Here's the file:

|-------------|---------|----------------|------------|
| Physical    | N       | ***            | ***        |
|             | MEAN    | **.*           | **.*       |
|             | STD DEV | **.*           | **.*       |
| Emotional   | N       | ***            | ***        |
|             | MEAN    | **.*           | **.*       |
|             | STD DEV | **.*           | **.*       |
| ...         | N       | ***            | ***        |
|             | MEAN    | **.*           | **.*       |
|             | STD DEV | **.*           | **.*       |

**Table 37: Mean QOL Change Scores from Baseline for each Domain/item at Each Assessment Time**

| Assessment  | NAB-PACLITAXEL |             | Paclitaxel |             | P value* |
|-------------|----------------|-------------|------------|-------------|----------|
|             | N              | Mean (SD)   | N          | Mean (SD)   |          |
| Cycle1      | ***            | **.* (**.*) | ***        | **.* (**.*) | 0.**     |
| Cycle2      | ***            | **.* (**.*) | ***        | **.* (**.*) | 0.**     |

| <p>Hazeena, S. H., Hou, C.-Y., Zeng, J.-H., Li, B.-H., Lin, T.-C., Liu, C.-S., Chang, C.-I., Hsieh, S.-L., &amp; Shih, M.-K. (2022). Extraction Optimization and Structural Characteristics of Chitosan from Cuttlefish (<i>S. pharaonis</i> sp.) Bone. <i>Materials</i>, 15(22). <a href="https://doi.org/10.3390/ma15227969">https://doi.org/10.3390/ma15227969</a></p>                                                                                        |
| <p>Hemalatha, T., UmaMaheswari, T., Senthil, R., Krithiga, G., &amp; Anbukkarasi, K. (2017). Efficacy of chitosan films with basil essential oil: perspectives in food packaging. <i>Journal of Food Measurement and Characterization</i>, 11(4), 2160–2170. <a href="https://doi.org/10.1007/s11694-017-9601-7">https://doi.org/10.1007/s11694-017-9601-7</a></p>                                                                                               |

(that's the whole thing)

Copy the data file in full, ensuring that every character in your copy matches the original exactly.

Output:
|-------------|---------|----------------|------------|
| Physical    | N       | ***            | ***        |
|             | MEAN    | **.*           | **.*       |
|             | STD DEV | **.*           | **.*       |
| Emotional   | N       | ***            | ***        |
|             | MEAN    | **.*           | **.*       |
|             | STD DEV | **.*           | **.*       |
| ...         | N       | ***            | ***        |
|             | MEAN    | **.*           | **.*       |
|             | STD DEV | **.*           | **.*       |

**Table 37: Mean QOL Change Scores from Baseline for each Domain/item at Each Assessment Time**

| Assessment  | NAB-PACLITAXEL |             | Paclitaxel |             | P value* |
|-------------|----------------|-------------|------------|-------------|----------|
|             | N              | Mean (SD)   | N          | Mean (SD)   |          |
| Cycle1      | ***            | **.* (**.*) | ***        | **.* (**.*) | 0.**     |
| Cycle2      | ***            | **.* (**.*) | ***        | **.* (**.*) | 0.**     |

| <p>Hazeena, S. H., Hou, C.-Y., Zeng, J.-H., Li, B.-H., Lin, T.-C., Liu, C.-S., Chang, C.-I., Hsieh, S.-L., &amp; Shih, M.-K. (2022). Extraction Optimization and Structural Characteristics of Chitosan from Cuttlefish (<i>S. pharaonis</i> sp.) Bone. <i>Materials</i>, 15(22). <a href="https://doi.org/10.3390/ma15227969">https://doi.org/10.3390/ma15227969</a></p>                                                                                        |
| <p>Hemalatha, T., UmaMaheswari, T., Senthil, R., Krithiga, G., &amp; Anbukkarasi, K. (2017). Efficacy of chitosan films with basil essential oil: perspectives in food packaging. <i>Journal of Food Measurement and Characterization</i>, 11(4), 2160–2170. <a href="https://doi.org/10.1007/s11694-017-9601-7">https://doi.org/10.1007/s11694-017-9601-7</a></p>                                                                                               |